Can Cinnamon Help You Lose Weight?
Enjoy the health benefits of this wonder spice
How old is that jar of cinnamon in your kitchen cabinet? Now that you know, we hope you have a stronger sense of urgency to actually use more of it. Our usual use of cinnamon is a dash here or a cinnamon stick there, but you might want to up the ante on your cinnamon consumption. Not only will this spice provide a source of warmth and relief for those long, cold winter days, but its’ strong, sweet flavor can add health benefits you would never have guessed. As you prepare for the New Year, think of how you can infuse more cinnamon into your regular diet.
Cinnamon’s Nutritional Value
The medicinal properties in cinnamon are present in the varieties you’d find in most grocery stores. It comes in powder, stick, oil and extract form. While you may look to fruits and vegetables for your daily dose of fiber, adding just two teaspoons of cinnamon offers up 2.5 grams of fiber. Consider adding a small amount to meals to boost your fiber quotient. While the amount of varies greatly, a blood-thinning compound, coumarin, is also found in cinnamon. Vitamins and minerals in cinnamon includes a significant amount of calcium, manganese, vitamins A and K, as well as iron.
Cinnamon and Weight Loss
A recent report speaks to the health benefits of cinnamon as a miracle spice that has anti-inflammatory, antimicrobial, and antioxidant, as well as cancer-fighting and cholesterol-lowering effects. However, the amount of clinically controlled trials to corroborate cinnamon’s effect on humans is scant. One such study of Type 2 diabetes patients showed profound effects on the levels of fasting blood glucose and an added weight loss perk to boot. The double blind, randomized trial assigned participants to a three-grams-per-day cinnamon supplement for eight weeks. Though there were no significant differences in baseline characteristics, dietary intake and physical activity between groups, when compared to placebo, those who took the supplements saw a reduction in weight, BMI and body fat mass which all decreased significantly compared to baseline. Other study findings include:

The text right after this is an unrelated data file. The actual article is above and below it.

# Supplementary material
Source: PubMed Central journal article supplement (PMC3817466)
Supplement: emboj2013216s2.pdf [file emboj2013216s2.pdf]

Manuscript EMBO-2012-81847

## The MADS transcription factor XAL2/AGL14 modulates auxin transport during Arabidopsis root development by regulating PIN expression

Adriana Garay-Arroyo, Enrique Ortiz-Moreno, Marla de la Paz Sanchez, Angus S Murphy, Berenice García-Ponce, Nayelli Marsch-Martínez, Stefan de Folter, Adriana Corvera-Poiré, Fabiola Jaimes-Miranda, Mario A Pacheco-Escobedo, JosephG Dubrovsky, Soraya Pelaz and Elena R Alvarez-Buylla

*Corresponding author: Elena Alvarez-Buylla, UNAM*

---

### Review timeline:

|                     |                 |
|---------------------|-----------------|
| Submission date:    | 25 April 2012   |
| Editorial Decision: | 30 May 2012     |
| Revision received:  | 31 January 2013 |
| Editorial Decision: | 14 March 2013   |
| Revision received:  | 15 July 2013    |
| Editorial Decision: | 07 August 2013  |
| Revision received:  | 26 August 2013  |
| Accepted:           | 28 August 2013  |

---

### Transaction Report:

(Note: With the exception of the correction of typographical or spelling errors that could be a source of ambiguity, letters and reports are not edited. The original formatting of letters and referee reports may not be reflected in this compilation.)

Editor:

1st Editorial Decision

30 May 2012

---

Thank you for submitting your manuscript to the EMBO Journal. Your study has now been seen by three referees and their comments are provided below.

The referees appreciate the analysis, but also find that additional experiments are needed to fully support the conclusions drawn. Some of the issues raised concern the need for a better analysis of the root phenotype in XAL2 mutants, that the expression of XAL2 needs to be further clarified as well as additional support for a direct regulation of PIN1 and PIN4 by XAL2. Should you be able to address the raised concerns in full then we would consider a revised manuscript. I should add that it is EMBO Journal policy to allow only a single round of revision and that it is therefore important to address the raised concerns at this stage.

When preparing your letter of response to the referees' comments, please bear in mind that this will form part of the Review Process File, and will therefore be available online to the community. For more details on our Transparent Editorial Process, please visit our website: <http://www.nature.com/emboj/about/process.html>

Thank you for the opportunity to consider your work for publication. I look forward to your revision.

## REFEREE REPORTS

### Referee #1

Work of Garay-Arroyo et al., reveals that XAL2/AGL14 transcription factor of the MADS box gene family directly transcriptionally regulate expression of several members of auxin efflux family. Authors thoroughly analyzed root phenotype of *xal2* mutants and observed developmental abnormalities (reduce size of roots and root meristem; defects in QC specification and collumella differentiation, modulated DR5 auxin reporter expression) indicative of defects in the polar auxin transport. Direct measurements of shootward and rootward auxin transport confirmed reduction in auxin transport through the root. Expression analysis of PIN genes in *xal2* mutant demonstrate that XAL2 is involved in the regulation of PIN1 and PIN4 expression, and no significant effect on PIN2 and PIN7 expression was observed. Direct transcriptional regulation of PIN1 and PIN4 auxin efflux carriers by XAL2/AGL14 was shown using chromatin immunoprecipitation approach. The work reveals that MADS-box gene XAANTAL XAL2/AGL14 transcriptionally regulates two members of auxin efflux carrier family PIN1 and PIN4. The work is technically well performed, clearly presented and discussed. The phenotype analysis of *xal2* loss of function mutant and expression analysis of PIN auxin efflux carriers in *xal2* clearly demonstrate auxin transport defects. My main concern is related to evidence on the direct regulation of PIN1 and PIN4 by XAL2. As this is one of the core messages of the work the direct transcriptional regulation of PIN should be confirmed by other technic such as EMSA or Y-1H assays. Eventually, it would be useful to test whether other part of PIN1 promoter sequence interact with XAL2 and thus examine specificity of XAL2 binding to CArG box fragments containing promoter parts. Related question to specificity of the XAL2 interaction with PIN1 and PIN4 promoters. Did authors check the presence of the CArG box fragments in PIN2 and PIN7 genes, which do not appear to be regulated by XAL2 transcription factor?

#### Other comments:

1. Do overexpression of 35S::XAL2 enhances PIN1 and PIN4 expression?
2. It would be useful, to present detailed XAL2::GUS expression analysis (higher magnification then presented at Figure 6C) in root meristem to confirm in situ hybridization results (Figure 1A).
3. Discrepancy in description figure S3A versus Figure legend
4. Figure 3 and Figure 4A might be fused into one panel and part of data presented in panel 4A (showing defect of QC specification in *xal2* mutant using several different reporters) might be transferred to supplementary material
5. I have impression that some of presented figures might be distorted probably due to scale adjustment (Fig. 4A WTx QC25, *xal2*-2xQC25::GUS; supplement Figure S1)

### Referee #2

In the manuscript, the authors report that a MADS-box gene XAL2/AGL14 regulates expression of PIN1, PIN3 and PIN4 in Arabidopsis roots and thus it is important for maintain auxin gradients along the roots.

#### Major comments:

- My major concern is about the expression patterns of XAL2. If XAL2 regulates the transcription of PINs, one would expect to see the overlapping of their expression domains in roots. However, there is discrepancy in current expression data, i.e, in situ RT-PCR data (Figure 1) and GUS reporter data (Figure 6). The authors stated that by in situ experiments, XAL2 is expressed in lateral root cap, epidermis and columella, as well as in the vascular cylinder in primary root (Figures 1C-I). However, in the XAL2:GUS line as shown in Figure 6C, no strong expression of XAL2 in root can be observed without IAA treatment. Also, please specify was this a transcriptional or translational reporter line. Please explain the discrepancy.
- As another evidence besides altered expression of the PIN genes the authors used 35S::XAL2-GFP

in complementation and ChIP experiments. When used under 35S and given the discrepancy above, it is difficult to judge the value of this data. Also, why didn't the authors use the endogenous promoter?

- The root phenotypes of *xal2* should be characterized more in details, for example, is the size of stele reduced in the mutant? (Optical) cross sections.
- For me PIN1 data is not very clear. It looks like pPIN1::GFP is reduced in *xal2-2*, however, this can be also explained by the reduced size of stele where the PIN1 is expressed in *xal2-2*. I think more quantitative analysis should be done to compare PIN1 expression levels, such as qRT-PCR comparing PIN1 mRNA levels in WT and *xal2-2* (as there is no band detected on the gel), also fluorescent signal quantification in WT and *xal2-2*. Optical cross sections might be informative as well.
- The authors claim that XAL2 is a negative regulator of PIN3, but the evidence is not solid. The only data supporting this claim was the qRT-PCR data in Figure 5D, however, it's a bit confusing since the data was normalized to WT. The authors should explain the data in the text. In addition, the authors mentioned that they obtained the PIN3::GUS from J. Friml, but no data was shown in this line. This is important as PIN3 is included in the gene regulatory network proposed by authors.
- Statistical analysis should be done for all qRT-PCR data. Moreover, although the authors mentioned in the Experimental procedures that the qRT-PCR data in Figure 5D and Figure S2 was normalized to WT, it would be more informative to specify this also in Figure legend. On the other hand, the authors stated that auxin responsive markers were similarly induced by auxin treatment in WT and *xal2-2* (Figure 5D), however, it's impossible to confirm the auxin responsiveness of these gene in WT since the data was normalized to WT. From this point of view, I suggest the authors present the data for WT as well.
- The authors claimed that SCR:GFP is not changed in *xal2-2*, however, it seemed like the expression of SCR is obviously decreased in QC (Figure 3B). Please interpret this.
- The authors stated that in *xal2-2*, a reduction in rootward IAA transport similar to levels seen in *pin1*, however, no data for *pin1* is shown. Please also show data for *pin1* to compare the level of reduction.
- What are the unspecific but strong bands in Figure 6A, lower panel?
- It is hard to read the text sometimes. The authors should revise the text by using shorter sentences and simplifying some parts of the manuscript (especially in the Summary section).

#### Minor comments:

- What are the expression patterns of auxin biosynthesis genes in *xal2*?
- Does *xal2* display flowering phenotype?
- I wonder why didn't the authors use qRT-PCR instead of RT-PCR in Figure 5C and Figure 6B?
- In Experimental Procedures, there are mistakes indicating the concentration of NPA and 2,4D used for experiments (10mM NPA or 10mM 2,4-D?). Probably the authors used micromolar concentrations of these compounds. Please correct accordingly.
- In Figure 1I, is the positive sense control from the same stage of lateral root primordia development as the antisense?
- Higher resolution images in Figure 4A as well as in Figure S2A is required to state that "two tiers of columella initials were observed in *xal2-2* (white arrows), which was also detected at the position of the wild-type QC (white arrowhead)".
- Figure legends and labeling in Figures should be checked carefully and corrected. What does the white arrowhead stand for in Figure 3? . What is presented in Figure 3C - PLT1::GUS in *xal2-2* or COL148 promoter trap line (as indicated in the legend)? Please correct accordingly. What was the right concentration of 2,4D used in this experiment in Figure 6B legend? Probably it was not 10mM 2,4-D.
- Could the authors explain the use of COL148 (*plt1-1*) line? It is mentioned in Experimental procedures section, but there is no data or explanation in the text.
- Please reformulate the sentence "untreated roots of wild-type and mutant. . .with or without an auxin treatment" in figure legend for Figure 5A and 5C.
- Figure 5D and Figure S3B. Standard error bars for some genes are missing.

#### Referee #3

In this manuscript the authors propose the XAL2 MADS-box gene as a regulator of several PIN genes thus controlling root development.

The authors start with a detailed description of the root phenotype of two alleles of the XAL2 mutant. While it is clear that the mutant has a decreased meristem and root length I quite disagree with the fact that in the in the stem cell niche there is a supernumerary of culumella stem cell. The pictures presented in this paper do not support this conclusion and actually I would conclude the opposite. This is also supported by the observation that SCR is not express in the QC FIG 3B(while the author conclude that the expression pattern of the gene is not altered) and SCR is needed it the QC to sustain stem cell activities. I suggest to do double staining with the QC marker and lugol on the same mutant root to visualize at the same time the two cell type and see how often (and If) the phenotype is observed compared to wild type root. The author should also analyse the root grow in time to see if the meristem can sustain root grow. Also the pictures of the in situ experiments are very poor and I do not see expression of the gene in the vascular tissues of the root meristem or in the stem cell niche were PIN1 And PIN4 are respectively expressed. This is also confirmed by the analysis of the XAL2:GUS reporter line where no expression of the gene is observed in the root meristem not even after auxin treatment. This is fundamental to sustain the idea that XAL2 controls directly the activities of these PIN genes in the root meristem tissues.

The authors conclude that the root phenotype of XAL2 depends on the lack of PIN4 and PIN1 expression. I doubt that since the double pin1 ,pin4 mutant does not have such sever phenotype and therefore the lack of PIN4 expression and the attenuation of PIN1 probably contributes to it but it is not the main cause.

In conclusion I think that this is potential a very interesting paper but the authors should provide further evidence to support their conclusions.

- A ½ teaspoon of cinnamon a day can help lower LDL, your "bad" cholesterol.
- Cinnamon can be used as a natural preservative, inhibiting bacterial growth and food spoilage.
- Cinnamon is a natural cure for headaches and migraines, and may lower fever.
- The smell of cinnamon alone can boost your cognitive function and memory.
How to Use Cinnamon
Now that you know how much is enough, use it in a variety of recipes, from savory stews and sweet desserts to hot drinks. Add a dash to your morning oatmeal or coffee, tea or warmed apple cider. Sprinkle some over homemade cookies or pies. You can also use whole sticks in stews, soups, or other dishes that use boiling. If you want to go beyond sprinkles, spoonfuls, and dashes, use these recipes for cinnamon-infused dishes by meal type. Be sure to use the recipe analyzer to make sure you're keeping your calorie count in check.
Cinnamon Stewed Chicken
How do you incorporate cinnamon into your healthy lifestyle?
Here’s more information on selection and storage of cinnamon.
The side effects of allergy medications keep some people from using them. Natural remedies can be a great alternative, but some are more effective than others.